Mentions: The proposed alterations in a backward transition leading away from the open state are expected to affect the time course of macroscopic ionic tail currents. Fig. 19 (top) shows, for the wt and the two F401 mutants, the decay in the relative open probability as a function of time when voltage is stepped from a depolarized value of +50 mV to hyperpolarized potentials. All current traces are normalized to match their initial amplitudes. In Fig. 19 (bottom), these data are re-plotted on a logarithmic time axis. These two transformations allow a closer examination of the kinetics of deactivation at the more hyperpolarized voltages at which tail currents are very small and rapid. Additionally, a logarithmic time scale would bring out the convergence of the open probability traces to an asymptotic value at very low voltages if a single closing transition were to become rate limiting. We used the models for the wt and F401L in which initial closing rates were modified somewhat to reflect the slower deactivation kinetics in excised patches. With λ0 set to 50 s−1 for the wt and 29 s−1 for F401L, the open probability decay is well described by the model predictions for both channels over the range −60 to −160 mV (−180 mV for F401L). The valence of 0.6 e0 assigned to this rate is the minimum required to produce the necessary spacing of the traces at voltages below −120 mV (Fig. 19, bottom). Less charge associated with the first closing step predicts a rate-limiting step that is not evident in the data. The analysis of F401A deactivation (Fig. 19, right) is complicated by the extreme rapidity of its tail currents over a wide voltage range. Fitting exponential functions to their time course yields time constants in the range of 100–500 μs, which are difficult to resolve well when the current amplitudes are small. Additionally, there is a prominent component of OFF gating current (note the lowermost trace in the panel which was taken at −90 mV) that is slower than the ionic tail in this mutant and significantly distorts its kinetics. Simulated F401A traces have a multi-exponential decay, with the very rapid component near the limit of resolution in our recordings (and perhaps more rapid than the excised patch data), and a slower component that at −30 and −50 mV cannot be reliably distinguished from the steady state component seen in the experimental data. Because of the nonionic components of the current decay (which the model does not take into account), more detailed comparison of the model simulations to the tail currents in F401A at hyperpolarized voltages was not undertaken.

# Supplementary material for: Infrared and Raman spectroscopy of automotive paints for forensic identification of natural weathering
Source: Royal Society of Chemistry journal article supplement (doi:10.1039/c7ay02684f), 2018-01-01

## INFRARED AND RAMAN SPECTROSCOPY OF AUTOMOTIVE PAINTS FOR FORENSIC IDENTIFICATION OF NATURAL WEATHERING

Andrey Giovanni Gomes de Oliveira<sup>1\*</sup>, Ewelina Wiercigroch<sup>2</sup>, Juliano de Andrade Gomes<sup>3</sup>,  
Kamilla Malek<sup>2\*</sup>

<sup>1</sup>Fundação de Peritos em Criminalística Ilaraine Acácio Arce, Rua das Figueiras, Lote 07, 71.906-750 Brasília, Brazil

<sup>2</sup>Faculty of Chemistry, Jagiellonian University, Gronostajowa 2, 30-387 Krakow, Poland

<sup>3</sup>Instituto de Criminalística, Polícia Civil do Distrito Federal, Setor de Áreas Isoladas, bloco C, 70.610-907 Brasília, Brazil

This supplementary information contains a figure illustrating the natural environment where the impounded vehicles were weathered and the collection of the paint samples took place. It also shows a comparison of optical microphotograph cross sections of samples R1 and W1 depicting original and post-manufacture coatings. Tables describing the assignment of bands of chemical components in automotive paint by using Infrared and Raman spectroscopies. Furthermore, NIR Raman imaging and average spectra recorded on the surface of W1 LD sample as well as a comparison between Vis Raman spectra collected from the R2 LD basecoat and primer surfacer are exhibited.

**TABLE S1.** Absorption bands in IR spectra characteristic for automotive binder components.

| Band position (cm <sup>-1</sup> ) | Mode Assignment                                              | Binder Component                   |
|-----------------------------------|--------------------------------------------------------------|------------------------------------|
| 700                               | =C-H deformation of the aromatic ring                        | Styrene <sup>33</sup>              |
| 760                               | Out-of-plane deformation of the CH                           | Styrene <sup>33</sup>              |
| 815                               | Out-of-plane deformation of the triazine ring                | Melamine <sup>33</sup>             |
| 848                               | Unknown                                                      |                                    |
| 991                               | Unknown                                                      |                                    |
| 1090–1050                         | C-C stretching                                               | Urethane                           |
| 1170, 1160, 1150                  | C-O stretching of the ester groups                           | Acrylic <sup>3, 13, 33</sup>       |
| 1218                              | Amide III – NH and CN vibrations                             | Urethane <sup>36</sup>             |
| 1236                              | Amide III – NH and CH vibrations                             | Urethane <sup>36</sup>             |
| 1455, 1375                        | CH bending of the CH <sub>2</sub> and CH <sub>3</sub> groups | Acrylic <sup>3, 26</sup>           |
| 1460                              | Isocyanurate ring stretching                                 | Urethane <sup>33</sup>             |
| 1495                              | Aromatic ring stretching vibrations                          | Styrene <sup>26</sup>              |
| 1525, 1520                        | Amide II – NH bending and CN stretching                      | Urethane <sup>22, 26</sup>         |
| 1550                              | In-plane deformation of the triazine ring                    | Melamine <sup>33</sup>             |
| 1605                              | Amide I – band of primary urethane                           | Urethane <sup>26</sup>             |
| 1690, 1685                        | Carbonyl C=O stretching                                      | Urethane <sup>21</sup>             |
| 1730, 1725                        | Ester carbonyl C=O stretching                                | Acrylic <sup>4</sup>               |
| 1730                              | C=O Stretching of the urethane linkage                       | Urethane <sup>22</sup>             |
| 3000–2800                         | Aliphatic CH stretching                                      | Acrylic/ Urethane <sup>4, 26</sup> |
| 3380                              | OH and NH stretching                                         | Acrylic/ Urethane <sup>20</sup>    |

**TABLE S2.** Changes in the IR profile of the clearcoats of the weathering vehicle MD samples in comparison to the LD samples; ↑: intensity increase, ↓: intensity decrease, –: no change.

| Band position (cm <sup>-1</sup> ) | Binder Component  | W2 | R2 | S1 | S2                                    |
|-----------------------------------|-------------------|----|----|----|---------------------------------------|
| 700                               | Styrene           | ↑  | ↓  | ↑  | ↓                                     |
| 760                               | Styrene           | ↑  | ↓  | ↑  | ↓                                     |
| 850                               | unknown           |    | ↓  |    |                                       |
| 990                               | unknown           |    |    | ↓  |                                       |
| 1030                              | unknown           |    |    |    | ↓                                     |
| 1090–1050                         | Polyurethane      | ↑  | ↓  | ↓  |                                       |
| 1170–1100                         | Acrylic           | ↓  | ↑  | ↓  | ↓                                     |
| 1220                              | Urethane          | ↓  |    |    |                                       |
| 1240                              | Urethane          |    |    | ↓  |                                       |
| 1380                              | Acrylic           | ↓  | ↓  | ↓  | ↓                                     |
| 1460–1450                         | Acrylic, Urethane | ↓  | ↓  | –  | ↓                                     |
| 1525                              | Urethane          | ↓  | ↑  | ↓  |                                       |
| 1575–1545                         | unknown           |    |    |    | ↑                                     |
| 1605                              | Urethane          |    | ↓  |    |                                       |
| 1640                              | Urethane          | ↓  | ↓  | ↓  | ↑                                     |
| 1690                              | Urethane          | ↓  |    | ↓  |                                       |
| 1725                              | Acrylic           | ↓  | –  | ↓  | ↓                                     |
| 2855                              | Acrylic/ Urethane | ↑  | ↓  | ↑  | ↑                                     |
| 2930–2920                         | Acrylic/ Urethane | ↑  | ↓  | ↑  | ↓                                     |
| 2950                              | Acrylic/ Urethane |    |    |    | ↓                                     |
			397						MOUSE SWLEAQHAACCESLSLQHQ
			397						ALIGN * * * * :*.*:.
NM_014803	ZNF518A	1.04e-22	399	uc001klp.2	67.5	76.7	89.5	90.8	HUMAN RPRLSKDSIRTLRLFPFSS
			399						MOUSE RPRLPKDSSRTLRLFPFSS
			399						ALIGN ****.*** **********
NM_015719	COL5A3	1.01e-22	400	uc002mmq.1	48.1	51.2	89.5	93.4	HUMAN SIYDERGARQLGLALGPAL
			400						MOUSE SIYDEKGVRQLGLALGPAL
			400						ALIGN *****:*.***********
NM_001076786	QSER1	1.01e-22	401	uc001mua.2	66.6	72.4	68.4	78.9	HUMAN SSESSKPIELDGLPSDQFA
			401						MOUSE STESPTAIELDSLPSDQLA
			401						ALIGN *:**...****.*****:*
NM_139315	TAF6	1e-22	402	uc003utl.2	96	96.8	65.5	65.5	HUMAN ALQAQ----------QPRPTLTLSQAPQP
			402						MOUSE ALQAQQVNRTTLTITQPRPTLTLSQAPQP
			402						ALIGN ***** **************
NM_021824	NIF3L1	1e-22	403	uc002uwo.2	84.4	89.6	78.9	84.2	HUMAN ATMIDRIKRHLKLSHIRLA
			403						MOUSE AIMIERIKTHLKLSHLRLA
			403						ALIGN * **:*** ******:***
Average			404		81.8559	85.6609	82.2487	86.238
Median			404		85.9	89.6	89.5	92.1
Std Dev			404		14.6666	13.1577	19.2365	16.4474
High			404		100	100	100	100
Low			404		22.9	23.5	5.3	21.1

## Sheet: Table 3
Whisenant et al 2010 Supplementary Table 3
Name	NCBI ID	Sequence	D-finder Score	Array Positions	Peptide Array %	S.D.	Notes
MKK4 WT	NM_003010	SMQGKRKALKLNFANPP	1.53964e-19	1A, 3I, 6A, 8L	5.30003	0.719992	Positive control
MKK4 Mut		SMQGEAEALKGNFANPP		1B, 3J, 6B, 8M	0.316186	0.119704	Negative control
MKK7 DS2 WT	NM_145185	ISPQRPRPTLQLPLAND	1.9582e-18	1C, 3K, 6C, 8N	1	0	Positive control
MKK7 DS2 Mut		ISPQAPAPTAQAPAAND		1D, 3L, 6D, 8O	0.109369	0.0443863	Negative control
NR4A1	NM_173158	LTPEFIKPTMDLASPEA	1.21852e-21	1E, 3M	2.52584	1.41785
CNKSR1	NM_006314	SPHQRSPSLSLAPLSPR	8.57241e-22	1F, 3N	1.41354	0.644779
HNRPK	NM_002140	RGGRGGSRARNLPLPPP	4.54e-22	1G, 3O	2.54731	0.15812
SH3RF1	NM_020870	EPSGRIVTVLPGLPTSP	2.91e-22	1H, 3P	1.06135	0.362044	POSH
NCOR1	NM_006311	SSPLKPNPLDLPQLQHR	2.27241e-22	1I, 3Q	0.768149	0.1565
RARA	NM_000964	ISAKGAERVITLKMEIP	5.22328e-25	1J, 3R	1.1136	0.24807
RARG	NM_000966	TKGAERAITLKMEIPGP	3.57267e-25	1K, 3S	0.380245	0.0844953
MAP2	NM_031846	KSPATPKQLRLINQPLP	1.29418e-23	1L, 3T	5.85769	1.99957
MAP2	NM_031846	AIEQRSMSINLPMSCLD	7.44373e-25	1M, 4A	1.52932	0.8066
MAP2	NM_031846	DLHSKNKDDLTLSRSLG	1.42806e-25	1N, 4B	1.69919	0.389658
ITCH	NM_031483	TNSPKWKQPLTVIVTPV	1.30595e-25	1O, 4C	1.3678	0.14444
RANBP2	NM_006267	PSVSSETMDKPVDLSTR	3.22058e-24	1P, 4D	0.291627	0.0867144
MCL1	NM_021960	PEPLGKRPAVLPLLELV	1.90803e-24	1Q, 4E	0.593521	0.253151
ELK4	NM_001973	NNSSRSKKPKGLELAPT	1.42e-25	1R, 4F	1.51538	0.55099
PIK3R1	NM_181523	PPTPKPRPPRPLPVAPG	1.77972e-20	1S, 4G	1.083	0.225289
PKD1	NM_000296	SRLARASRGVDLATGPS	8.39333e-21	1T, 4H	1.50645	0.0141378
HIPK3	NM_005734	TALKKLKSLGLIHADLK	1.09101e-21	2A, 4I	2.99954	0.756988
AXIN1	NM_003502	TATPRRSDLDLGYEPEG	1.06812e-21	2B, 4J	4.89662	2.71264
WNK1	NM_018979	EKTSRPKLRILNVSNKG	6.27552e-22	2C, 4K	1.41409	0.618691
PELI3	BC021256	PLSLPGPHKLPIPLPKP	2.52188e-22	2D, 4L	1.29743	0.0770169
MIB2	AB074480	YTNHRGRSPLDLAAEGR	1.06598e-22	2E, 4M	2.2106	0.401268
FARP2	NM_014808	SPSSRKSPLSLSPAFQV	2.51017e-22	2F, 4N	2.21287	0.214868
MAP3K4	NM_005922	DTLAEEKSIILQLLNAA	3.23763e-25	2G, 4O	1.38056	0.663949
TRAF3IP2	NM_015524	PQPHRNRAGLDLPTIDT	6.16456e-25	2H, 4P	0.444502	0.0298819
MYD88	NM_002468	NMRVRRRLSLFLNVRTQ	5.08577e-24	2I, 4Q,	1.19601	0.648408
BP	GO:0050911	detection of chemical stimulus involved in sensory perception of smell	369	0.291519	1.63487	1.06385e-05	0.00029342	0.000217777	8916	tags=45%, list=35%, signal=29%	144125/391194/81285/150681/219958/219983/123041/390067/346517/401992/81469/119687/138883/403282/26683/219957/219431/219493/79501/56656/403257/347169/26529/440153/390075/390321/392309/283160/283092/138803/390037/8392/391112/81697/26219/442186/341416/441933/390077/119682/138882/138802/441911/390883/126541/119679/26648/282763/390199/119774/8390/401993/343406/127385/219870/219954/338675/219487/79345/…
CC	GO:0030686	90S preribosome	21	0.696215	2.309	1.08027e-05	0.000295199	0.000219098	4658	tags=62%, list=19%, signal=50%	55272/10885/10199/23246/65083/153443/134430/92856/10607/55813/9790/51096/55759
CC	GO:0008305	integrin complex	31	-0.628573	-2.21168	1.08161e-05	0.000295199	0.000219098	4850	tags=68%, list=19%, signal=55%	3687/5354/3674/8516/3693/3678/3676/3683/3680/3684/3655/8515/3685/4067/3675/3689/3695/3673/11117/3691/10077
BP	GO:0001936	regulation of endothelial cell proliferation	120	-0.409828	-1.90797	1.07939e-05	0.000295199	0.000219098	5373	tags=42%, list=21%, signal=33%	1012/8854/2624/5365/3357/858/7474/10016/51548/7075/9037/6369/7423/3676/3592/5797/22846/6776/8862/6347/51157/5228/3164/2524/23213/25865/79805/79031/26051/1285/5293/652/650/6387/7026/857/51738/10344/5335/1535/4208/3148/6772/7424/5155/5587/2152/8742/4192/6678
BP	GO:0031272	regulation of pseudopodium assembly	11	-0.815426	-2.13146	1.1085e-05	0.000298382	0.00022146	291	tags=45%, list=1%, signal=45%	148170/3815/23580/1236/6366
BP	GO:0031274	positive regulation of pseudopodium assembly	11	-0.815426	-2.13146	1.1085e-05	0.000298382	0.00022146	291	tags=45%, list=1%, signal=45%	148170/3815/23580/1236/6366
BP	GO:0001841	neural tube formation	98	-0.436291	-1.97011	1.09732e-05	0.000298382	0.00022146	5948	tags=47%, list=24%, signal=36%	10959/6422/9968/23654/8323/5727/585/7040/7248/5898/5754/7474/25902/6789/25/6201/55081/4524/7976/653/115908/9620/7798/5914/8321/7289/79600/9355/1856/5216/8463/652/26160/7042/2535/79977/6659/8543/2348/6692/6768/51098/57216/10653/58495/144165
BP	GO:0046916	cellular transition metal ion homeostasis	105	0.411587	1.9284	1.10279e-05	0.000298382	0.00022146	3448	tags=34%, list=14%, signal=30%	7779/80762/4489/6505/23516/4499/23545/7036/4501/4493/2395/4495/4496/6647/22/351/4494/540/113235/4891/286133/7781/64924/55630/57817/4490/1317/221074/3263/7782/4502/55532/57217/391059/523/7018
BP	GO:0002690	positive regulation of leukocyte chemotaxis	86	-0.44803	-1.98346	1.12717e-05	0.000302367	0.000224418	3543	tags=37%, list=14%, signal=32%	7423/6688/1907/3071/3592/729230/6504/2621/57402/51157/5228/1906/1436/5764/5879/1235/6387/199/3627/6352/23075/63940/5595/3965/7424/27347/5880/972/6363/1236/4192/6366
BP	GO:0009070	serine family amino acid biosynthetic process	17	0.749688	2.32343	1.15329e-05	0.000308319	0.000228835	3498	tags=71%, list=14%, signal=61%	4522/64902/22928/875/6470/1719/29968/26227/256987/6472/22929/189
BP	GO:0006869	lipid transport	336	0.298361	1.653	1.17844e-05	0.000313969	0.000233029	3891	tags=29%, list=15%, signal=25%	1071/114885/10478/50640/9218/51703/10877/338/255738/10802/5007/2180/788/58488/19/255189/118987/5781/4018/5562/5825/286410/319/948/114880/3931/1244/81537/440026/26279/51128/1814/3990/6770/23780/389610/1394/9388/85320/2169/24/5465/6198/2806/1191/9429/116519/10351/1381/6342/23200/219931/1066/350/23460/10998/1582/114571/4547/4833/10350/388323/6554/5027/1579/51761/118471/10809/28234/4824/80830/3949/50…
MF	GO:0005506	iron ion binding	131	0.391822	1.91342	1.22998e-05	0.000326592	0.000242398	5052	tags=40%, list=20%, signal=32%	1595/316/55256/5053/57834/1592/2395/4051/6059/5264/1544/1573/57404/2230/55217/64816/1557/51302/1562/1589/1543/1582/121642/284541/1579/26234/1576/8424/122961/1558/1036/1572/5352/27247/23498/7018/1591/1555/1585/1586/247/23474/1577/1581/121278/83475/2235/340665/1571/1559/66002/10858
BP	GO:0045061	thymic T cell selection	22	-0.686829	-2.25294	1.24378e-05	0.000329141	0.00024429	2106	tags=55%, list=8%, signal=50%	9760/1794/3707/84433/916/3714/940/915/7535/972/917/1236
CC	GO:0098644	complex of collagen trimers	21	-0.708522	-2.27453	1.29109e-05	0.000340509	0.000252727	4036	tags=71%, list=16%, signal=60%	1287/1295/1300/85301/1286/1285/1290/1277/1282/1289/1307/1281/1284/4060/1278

Bottom Line: We studied the Sh(5) mutation (F401I) in ShB channels in which fast N-type inactivation was removed, directly confirming this conclusion.Replacement of other phenylalanines in S5 did not result in substantial alterations in voltage-dependent gating.These results are consistent with an activation scheme whereby bulky aromatic or aliphatic side chains at position 401 in S5 cooperatively stabilize the open state, possibly by interacting with residues in other helices.

View Article: PubMed Central - PubMed

Affiliation: Howard Hughes Medical Institute and Department of Molecular and Cellular Physiology, Stanford University School of Medicine, Stanford, California 94305, USA.